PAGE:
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1historical An article of clothing that covered the throat.
- ‘The Gorget, or Throat- piece, originated upon the Continent, and seems to have been of linen; it was three times wrapped round the neck.’
- ‘The gorget appears to have been cut on the bias and was pulled up to cover the throat.’
- 1.1A piece of armour for the throat.
- ‘He fumbled with the cuirass for a moment before he managed to hook the attachment hooks together, securing the piece of armour around his body, onto which the gorget was tied to protect his neck.’
- ‘Similar in purpose to the gorget of medieval plate armor, the neckerchief served to deflect arrows, broadswords, and even great axes from slicing through the vulnerable neck of a cowboy.’
- ‘But even as he was thinking that, her toe hooked behind his right ankle, she heaved, and he went down in the snow to find the tip of her sword pressed firmly against his gorget.’
- ‘Most of it was plate-mail with chain leggings and a chain gorget around her throat.’
- ‘The arrow took him through the throat, the armour piercing head passing through the gorget on the swordsman's throat with ease.’
- ‘Many military police forces have adopted distinctive items of dress: the German gorget (hence the nickname ‘chained dogs’), the American white helmet, the British red cap.’
- ‘His primary output was Indian trade silver, including gorgets, beads, and buckles.’
- ‘He staggered over to Cecil's form, and seized him up by the back of his gorget.’
- ‘The pikeman's head was protected by a high combed morion in the Spanish style, rather than the earlier sallet; he wore a breastplate with attached tassets over his thighs and - if an officer - a gorget to protect his throat.’
- ‘With his right hand, he lifted away his iron veil, his crown and mask and gorget, exposing his slender face.’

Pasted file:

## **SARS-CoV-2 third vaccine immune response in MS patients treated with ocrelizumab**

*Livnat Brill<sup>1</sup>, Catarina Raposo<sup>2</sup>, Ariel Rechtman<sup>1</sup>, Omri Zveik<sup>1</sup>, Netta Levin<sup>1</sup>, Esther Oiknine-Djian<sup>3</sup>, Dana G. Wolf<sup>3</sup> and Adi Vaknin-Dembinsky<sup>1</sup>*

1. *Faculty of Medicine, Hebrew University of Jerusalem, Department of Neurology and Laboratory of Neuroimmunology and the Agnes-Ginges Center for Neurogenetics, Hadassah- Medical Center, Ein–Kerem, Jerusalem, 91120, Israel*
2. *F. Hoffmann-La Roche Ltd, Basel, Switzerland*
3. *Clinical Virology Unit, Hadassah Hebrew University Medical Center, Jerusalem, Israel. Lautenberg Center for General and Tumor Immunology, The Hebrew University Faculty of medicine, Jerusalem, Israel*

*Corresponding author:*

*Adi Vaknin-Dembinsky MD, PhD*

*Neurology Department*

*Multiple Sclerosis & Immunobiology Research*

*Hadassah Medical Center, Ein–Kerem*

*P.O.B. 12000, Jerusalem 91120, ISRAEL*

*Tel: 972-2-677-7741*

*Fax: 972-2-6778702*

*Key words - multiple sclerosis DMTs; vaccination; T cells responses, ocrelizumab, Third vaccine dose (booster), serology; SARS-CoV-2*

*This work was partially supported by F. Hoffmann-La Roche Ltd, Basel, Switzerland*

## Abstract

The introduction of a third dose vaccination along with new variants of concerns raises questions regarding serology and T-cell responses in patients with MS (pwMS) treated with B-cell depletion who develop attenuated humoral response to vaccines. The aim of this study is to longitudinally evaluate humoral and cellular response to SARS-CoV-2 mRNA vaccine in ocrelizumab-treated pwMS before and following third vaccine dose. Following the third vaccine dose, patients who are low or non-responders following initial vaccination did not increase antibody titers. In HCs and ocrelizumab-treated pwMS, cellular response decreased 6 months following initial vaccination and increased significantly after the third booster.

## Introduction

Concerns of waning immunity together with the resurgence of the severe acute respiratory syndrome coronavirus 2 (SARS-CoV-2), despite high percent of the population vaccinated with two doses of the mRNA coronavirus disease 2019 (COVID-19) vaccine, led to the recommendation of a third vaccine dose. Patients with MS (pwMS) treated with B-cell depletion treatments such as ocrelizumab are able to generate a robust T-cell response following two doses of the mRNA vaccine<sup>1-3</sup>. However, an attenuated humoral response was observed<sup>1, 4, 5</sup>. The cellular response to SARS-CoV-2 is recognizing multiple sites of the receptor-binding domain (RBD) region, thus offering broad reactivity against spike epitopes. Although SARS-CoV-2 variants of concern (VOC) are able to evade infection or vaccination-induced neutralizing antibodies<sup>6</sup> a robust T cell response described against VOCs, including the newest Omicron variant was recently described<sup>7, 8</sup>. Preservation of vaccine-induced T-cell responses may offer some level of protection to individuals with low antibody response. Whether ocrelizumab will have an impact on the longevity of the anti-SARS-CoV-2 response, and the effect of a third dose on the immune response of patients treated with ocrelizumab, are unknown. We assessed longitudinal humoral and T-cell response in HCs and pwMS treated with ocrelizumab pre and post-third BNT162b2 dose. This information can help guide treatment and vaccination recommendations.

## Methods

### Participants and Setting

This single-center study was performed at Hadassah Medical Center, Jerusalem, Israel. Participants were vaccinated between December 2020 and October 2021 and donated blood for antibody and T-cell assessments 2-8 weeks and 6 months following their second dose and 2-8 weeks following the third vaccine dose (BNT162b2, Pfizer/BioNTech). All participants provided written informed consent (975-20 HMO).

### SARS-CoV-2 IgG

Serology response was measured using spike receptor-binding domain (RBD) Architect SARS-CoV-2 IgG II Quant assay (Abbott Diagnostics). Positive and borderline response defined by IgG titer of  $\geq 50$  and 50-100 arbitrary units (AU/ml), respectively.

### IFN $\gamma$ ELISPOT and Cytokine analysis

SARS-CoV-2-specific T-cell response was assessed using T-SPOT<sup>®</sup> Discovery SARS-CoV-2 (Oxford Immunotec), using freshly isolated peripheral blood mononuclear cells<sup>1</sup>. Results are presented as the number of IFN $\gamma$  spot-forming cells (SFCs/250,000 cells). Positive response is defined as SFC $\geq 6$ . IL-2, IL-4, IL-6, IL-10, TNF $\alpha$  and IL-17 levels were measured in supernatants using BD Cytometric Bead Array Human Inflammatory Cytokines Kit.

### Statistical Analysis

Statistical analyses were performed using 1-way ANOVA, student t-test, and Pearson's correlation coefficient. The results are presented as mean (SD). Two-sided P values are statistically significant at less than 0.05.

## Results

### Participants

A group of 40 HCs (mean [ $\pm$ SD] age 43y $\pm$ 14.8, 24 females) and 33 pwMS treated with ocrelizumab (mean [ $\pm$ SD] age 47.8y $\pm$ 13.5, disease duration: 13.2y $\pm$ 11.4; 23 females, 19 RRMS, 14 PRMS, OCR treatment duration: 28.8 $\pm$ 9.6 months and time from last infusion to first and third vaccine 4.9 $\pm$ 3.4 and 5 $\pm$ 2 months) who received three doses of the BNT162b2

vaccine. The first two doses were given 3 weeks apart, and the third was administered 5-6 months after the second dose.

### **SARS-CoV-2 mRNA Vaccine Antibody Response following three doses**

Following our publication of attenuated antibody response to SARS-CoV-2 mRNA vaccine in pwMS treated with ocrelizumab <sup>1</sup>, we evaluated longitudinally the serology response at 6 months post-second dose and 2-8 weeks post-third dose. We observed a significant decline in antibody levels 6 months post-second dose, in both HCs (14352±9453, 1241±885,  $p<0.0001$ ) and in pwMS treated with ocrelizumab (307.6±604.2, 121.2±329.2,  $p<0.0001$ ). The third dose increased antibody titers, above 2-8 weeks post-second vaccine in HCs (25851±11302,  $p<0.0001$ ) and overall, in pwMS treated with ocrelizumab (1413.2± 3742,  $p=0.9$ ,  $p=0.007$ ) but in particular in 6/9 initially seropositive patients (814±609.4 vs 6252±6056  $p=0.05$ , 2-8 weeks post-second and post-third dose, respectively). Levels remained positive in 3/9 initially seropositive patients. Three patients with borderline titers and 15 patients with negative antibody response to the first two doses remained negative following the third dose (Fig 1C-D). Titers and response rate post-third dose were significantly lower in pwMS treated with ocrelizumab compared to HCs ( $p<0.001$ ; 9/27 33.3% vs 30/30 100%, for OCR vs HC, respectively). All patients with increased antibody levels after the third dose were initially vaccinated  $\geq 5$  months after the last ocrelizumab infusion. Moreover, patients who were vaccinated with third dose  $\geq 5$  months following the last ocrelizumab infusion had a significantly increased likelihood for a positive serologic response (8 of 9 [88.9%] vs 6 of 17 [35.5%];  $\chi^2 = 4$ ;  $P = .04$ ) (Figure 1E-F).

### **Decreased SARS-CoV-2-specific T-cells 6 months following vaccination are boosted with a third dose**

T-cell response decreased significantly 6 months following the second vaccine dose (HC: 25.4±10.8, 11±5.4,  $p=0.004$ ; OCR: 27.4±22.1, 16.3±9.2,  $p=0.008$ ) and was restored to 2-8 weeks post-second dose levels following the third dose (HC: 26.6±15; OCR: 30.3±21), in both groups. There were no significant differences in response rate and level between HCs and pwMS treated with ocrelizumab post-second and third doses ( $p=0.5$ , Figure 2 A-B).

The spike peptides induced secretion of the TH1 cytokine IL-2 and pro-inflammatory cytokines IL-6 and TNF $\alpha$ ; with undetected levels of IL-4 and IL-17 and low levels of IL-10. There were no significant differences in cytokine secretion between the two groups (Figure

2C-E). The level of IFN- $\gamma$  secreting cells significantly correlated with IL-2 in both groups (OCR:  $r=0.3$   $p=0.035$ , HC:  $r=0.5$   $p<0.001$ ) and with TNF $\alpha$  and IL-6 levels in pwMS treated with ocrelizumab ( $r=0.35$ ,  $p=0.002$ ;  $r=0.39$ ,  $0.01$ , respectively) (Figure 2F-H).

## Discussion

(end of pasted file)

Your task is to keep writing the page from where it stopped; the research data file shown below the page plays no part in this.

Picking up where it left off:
- 1.2A wimple.
- ‘Where the man has a hood the woman has, as a rule, a head-veil and wimple or gorget.’
- ‘Behind them kneels a nun in linen gorget and black veil; her gown and mantle are of a dull warm slate colour, and she also wears a ring on the last finger.’
2A patch of colour on the throat of a bird or other animal, especially a hummingbird.
- ‘A little bird about the size of a robin, which looked like a robin, and in fact was a robin, except that whereas our familiar friend has an orange-red breast, this small gentleman was equipped with a beautiful blue bib and gorget.’
- ‘Through the telescope, the most noticeable feature was the yellow throat and forehead and broad yellow stripe extending over each eye, contrasting with black cheeks and gorget.’
- ‘The female, scaly-brown in colouring, displays a much less conspicuous off-white gorget.’
- ‘We define ‘adult’ as any bird that has completed its first annual wing molt and has therefore acquired definitive remiges (some first-year males may still be molting on the gorget and crown).’
- ‘Some males also have elegant ornamentation such as bright throat gorgets, crests and elongated tail feathers.’
- ‘Amethyst-throated Hummingbird males vocalized mainly from exposed perches as they turned their heads, displaying their brilliant amethyst gorgets.’
- ‘Both males and females are predominantly black with a glittering, rosy throat patch, or gorget, and emerald wings.’
Late Middle English (denoting a piece of armour protecting the throat): from Old French gorgete, from gorge throat (see gorge).
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